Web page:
The Matsuura Cublex machines from Methods Machine Tools Inc. (Sudbury, MA) provide five-axis milling, turning, and grinding. "Cublex technology addresses industry demand for multiprocess machining capabilities in a single workcenter that is tailored for the small-lot production of highly complex parts," explains Vice President Dave Lucius.
The two Cublex models are the Cublex 25 PC 40 with a maximum work size of 9.8" diam x 9.8" high (249 x 249 mm), 5.2" (132-mm) pallets, a field expandable 40-pallet changer, and a 15,000-rpm spindle. The larger Cublex 42 PC 24 has a work envelope of 16.7" diam x 13.7" high (424 x 348 mm), a field expandable 24-pallet changer with a 12" (305-mm) round pallets, and a 12,000-rpm spindle.
"Our customers began to realize the big advantage of the Cublex platform for processing smaller lot sizes. You can think of the Cublex as a B-axis lathe that can automatically change up to 40 different chucks with expandable tool capacity. It also offers the full five-axis high-speed machining capability of a machining center," says Lucius.
The B200 is the latest addition to the line of Multus Multitasking machines (joining the larger B300 and B400 models) from Okuma Corp. (Charlotte, NC). "The B200 is designed for smaller complex components like medical and small aerospace parts. Parts are typically hand-held size, and standard workholding is a 6" [152-mm] chuck," explains Rod Tojdowski, applications engineer.
The B200 Multus can be configured in a variety of ways: main spindle on left-hand side and subspindle on the right-hand side. "If the majority of your work needs support and you don't need a right side spindle, you can get the machine with a right side tailstock. For those choosing two spindles, the left and right spindles can be configured to meet the customer's requirements."
Spindles available are standard bore and big bore with each side specific to the needs. The Multus line has an upper H1 turret that can accommodate turning tools and rotating tools which includes a toolchanger behind it. In addition, a Renishaw tool probe tool can be used for in-process gaging.
"The Okuma OSP 200 CNC control is the basis for all Thinc applications. The Thinc control supports the Partners in Thinc alliance with more than 30 suppliers of auxiliary equipment ranging from coolant management, automation for loading and unloading parts, monitoring communications, in-process and postprocess gaging, tooling presetter, tool storage management, among many others.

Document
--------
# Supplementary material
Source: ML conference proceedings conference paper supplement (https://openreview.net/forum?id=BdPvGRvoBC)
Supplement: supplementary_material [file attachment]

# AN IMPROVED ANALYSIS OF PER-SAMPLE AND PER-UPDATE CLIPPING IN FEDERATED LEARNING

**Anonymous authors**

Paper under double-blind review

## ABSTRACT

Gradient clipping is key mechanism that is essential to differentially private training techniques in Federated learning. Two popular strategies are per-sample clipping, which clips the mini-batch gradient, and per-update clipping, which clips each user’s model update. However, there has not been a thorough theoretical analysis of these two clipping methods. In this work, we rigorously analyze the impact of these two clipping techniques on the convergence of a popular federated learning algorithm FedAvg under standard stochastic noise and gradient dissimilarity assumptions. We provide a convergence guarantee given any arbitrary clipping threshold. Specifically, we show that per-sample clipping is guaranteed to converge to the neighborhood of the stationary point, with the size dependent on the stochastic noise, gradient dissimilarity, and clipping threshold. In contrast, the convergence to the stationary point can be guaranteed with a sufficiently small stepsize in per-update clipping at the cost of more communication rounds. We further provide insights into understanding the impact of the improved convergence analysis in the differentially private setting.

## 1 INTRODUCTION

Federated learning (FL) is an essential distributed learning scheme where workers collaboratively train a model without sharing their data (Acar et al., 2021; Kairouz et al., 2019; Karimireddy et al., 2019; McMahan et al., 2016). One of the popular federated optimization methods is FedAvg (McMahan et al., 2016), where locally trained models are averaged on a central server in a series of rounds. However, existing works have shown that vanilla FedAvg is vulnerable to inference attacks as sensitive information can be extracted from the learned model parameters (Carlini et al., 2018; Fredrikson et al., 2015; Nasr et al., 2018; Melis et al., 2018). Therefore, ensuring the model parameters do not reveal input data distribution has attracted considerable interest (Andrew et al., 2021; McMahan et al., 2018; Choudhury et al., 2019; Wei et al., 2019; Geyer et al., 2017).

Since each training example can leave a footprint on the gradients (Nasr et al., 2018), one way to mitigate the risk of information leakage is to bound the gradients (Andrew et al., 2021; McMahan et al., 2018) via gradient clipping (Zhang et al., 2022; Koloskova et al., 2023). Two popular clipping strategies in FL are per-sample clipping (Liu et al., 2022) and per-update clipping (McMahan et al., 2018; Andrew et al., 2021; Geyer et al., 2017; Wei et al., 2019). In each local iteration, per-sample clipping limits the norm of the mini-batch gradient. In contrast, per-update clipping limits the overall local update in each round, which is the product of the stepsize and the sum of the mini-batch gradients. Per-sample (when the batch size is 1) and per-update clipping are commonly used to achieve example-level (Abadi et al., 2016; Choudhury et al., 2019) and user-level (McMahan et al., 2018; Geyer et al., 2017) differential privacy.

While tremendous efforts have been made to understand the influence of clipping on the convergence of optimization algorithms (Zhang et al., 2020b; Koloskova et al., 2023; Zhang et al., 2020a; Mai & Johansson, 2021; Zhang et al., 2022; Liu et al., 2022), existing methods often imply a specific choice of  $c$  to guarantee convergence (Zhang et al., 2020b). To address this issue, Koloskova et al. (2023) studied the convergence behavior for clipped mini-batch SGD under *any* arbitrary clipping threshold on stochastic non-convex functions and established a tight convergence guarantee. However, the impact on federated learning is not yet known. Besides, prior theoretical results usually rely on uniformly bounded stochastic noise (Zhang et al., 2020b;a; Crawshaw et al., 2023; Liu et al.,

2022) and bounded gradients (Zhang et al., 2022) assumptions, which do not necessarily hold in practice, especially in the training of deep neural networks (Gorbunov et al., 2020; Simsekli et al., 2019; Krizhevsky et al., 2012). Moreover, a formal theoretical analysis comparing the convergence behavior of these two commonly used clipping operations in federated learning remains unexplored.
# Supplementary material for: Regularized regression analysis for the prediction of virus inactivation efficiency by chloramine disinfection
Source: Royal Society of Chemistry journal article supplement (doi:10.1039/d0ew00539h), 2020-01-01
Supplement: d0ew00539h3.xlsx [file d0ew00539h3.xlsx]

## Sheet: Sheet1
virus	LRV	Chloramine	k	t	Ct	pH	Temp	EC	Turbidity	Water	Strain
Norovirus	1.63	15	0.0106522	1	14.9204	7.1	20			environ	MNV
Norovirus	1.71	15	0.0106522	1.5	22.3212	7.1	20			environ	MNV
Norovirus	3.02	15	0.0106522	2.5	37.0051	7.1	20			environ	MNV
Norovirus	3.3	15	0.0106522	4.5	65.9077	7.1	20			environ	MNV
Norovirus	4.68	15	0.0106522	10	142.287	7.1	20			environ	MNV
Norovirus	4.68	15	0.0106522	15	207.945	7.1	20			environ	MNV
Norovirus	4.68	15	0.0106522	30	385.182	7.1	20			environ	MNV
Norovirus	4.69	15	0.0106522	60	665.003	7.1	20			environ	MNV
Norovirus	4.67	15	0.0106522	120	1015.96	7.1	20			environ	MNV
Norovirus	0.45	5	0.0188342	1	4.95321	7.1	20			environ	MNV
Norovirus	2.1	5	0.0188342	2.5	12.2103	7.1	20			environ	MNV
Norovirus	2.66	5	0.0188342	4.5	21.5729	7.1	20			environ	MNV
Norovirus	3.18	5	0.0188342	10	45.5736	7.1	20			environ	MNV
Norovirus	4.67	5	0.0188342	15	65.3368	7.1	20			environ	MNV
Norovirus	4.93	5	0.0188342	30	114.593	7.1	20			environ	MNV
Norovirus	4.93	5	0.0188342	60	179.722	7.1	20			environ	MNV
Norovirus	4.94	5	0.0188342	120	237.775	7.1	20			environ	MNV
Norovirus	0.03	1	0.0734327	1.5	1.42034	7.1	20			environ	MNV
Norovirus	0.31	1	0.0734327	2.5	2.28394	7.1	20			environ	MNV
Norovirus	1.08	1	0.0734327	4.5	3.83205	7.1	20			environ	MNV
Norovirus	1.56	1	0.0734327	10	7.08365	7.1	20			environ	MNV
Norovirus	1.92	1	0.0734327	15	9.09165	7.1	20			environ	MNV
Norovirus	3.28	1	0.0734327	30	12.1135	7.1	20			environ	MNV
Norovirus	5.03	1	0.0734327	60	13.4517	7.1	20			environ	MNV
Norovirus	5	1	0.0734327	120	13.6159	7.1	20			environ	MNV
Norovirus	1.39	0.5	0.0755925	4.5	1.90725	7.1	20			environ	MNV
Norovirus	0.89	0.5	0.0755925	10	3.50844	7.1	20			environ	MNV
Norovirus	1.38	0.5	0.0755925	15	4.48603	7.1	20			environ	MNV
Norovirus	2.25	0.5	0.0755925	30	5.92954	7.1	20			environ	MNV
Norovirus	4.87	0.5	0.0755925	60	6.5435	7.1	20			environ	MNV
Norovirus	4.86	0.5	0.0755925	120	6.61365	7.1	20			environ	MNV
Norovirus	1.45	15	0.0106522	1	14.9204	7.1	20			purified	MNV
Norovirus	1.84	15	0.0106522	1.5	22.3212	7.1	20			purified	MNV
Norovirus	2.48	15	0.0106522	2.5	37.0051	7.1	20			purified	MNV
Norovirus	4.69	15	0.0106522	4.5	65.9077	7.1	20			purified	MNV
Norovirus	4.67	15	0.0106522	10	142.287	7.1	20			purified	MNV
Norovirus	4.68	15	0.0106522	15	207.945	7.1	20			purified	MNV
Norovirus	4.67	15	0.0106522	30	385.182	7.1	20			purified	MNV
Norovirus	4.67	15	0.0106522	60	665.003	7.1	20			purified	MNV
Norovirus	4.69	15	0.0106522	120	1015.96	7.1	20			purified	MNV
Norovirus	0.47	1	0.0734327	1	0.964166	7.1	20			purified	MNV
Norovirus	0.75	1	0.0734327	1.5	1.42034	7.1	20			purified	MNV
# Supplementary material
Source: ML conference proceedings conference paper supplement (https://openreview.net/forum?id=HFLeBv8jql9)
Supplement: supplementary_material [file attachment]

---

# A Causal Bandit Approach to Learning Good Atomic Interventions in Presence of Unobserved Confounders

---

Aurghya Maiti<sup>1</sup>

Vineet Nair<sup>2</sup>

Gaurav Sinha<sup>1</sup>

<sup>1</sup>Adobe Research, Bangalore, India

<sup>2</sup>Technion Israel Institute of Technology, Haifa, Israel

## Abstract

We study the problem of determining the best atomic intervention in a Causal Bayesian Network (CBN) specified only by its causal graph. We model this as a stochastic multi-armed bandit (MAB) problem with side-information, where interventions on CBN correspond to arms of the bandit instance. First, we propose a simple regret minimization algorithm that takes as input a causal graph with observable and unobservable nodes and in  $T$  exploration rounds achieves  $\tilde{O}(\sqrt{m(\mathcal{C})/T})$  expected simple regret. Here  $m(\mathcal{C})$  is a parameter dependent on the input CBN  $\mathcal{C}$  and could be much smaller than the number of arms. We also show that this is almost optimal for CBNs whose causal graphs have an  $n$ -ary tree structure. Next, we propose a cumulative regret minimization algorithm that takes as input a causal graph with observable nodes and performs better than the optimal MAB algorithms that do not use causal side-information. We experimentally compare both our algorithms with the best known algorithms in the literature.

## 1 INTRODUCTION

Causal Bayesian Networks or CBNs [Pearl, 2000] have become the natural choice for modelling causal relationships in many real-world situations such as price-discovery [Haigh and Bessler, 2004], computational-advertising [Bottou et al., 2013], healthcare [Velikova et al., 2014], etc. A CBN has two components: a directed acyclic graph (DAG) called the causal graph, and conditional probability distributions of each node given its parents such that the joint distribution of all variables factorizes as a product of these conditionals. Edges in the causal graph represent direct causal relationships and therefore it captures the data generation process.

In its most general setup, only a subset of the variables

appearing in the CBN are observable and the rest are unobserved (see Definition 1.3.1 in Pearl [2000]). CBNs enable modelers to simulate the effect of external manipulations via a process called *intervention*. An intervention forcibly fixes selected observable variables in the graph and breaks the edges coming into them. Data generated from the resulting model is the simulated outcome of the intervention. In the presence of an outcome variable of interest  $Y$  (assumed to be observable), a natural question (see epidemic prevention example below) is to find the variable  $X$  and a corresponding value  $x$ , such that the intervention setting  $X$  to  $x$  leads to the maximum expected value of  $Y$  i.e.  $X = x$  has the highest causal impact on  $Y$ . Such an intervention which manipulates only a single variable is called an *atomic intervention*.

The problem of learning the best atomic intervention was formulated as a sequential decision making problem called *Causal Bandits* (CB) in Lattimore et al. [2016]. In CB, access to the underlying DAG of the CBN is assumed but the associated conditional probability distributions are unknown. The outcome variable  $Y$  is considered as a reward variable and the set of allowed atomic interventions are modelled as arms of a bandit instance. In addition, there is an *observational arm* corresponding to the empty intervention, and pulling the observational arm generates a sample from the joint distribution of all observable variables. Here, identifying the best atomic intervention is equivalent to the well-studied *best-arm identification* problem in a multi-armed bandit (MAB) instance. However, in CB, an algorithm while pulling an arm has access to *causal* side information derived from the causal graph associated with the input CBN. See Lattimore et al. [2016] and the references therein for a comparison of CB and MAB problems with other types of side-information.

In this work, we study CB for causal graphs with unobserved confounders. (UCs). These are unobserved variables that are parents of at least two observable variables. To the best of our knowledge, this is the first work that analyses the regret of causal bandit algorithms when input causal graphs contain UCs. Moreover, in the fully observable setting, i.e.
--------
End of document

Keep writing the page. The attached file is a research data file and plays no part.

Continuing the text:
"Complex surgical tools, implants, and other medical apparatus can be machined with a reduction in part processing time of up to 70%, with superior quality, finish, and cost efficiencies by employing a Model MC 726 MT five-axis CNC milling/turning center from Stama America (Itasca, IL). The reason is the MC 726 MT's ability to provide continuous precision production from bar stock of a mix of parts, including machining of the sixth side.
In bar-feeding applications, the material stock is fed directly to the rotating/swiveling positioning trunnion. Drilling, milling, and turning operations are performed on both vertical and horizontal spindles.
In application, the 9-axis MC 726 MT cuts the bar in one clamping, including milling, turning, and swiveling the part to machine the sixth side. Other machines in the Stama System 7 series can perform six-sided machining with a secondary, CNC-integrated counter-spindle that allows reaching any dihedral angle in a hemisphere. Models are also available with tailstock or jaw-chuck assemblies.
The new CTX beta TC and CTX gamma TC series of turning/milling centers from DMG America Inc. (Itasca, IL) are designed for complete machining of workpieces from 49.2 to 78.8" (1250–2000-mm) long, turning diam up to 24.8–(630 mm), and a bar capacity to 3" (76-mm) diam. Throughput and versatility are ensured by the integrated disk magazine with a fast toolchanger and space for 24 tools on the CTX beta TC model, or 36 tools on the CTX gamma TC.
The heart of the DMG mill-turn machines is the integrated moving column with a turning/milling spindle and interpolating B axis. Machines features a mobile column horizontally fitted on the Z axis for best application of force.
The NC-controlled B axis swivels in the range of ±100° for five-axis simultaneous milling. Programming is supplied via either a Siemens 840D CNC with ShopTurn programming or the Heidenhain PLUS iT with DinPlus or TurnPlus (optional) software.